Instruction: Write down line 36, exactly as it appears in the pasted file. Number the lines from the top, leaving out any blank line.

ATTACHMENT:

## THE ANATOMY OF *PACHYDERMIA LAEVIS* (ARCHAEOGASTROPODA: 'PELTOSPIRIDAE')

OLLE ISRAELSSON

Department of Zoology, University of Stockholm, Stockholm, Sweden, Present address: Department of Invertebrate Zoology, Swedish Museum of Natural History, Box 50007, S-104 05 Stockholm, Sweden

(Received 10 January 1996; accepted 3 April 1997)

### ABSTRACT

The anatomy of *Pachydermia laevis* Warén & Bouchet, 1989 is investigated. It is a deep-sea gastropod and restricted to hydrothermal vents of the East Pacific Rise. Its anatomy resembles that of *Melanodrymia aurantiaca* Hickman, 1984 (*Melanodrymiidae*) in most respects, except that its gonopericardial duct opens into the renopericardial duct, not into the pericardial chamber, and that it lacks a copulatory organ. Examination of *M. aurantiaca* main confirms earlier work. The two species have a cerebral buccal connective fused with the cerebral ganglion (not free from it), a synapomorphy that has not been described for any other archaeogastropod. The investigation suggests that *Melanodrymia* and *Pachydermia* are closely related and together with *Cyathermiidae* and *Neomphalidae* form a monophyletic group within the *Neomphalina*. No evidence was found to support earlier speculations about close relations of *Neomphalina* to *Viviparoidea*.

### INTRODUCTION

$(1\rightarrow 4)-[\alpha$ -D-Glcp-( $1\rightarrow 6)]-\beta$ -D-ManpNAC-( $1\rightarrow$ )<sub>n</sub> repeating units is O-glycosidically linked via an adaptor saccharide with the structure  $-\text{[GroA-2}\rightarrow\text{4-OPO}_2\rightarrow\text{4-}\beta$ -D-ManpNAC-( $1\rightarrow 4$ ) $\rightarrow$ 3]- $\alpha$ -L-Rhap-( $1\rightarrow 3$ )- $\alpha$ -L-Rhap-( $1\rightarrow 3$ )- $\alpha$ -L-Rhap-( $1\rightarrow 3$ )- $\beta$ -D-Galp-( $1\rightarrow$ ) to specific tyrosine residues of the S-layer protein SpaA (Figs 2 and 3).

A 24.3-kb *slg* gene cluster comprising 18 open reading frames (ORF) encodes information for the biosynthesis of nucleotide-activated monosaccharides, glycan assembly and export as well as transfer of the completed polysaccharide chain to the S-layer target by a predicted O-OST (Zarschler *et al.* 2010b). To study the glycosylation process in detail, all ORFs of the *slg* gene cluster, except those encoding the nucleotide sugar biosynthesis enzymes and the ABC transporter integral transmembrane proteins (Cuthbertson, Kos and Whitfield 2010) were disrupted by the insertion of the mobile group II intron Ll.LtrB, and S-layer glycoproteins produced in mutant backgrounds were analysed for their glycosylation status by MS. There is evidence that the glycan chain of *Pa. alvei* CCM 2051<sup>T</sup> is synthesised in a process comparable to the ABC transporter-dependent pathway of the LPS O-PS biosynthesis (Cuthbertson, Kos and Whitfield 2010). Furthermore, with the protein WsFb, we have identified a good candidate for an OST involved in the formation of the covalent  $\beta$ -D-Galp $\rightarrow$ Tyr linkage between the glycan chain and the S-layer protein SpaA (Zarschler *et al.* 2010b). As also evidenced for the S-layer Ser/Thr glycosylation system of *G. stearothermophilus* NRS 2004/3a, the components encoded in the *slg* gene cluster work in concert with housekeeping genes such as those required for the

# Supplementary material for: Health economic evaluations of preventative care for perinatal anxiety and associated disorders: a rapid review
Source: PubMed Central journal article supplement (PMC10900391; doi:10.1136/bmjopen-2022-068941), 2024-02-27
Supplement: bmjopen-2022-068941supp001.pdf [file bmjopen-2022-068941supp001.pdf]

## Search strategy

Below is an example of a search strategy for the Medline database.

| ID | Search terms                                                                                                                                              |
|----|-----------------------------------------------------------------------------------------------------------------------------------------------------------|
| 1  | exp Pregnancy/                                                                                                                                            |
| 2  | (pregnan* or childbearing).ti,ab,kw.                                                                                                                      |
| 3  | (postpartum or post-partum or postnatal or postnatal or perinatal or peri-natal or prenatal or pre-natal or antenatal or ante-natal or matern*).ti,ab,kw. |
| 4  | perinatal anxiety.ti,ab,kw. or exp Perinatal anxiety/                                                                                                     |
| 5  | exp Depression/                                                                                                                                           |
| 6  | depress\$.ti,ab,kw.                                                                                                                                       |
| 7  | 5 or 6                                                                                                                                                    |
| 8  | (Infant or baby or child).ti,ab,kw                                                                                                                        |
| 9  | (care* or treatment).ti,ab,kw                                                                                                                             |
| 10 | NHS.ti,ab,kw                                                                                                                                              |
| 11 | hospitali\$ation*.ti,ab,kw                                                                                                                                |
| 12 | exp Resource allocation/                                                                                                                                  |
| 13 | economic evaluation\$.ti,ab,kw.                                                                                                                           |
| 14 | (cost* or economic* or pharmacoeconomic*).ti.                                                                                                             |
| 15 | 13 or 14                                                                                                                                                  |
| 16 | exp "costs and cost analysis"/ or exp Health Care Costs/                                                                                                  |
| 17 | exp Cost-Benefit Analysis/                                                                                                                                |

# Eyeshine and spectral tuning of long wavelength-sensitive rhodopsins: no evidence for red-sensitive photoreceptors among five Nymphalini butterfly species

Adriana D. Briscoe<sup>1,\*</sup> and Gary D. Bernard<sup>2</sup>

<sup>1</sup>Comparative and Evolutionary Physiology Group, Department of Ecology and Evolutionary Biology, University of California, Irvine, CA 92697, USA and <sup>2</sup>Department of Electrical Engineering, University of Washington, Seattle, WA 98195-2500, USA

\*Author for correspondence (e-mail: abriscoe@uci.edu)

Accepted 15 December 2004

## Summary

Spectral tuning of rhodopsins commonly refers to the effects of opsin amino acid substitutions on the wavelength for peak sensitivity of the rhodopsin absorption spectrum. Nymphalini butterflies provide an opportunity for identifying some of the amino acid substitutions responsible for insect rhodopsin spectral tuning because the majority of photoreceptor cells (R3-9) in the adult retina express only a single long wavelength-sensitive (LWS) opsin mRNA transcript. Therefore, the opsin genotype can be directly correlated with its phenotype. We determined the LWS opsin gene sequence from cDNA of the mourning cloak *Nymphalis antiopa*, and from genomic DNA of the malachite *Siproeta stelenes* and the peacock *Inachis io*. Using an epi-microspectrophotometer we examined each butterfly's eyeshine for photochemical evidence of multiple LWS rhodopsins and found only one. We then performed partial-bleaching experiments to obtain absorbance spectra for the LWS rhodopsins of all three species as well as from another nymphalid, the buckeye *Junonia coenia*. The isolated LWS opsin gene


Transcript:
<sup>1</sup>Comparative and Evolutionary Physiology Group, Department of Ecology and Evolutionary Biology, University of California, Irvine, CA 92697, USA and <sup>2</sup>Department of Electrical Engineering, University of Washington, Seattle, WA 98195-2500, USA